What have operators done well since the start of the pandemic?
Many got creative and showed flexibility and adaptability – demonstrating a deep resilience, and I was impressed by how many repeatedly pivoted to create safe environments for their staff and guests.

A focus on mental health has also impacted hotel operations, with mental and physical wellness influencing the employee experience, plus the spa became an important revenue department.

What do you feel hasn’t been handled well?
I’m disappointed with the spas that missed this opportunity within the hotel environment and the wider community.

Some also struggled with recruitment during this time, so some spa managers and employees had to work extensive hours in their commitment to serving guests and those that didn’t receive additional resources from hotel management, or facility owners were more likely to experience burnouts.

Another aspect that struck me, especially in the luxury market, was that spas and hotels removed some amenities which meant a large part of the guest experience was missing – resulting in guests only receiving, for example, a bottle of water during their visit, rather than a more meaningful offering which may have helped the spa become the market leader.

I missed some operators defending the integrity of their concepts and compromising on the experience for the sake of a cost-saving approach. The spa was one of many businesses’ first targets for cost-saving initiatives.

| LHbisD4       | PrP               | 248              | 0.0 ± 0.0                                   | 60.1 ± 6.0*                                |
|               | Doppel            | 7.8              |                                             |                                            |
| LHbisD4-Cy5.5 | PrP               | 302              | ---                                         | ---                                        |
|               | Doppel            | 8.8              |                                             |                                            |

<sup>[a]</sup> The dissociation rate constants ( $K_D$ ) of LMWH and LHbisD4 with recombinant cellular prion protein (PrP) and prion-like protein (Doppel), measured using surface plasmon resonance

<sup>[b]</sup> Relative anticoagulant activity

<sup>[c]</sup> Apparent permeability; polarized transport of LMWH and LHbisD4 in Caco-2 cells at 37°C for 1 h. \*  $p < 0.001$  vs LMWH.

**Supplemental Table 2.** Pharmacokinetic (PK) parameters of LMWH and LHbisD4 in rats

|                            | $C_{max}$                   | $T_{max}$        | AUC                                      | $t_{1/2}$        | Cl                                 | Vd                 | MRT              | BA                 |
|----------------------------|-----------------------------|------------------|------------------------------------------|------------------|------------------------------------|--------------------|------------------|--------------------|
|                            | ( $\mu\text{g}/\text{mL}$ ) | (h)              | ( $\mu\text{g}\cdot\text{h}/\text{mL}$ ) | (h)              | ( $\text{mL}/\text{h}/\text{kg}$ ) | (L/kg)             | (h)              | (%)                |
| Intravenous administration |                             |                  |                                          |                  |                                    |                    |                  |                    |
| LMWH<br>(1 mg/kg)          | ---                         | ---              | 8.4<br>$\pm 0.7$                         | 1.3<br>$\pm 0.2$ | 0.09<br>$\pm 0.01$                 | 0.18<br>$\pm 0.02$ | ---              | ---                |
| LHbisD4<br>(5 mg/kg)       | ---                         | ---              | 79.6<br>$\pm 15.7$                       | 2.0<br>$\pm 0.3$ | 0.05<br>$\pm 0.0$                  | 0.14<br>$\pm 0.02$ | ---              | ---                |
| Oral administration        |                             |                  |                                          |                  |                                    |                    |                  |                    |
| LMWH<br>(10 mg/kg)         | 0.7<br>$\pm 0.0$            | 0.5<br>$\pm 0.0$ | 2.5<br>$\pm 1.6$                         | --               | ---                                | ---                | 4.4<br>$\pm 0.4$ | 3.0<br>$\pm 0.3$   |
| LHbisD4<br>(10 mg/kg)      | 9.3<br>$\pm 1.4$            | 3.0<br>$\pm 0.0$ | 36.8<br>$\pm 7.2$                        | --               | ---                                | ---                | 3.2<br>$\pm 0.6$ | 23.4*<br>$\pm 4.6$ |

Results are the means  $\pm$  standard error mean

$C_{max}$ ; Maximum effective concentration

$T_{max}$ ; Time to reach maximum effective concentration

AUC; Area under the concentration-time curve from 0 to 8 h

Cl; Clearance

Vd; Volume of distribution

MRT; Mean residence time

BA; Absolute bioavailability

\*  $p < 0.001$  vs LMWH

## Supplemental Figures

I also wonder if there was enough effort paid to both attracting talent and retaining it, as low turnover rates save costs.

How should the industry’s recruitment crisis be tackled?
This crisis is affecting the hospitality industry in general. Operators need to work towards becoming an ‘employer of choice’ to attract employees and encourage retention by offering a workplace where employees’ personal development, continued education and wellbeing drives team motivation and ultimately lowers turnover rates.

My job as a consultant has become more critical in this tense hiring climate. It’s crucial to appoint the most suitable leadership and help the managers and directors become the strong leaders they need to be, while fostering an engaging employee experience for long-term success together.

My one-on-one coaching focuses on this, developing spa managers into strong leaders with a vision and strategy to match.

Originally published in Spa Business 2022 issue 3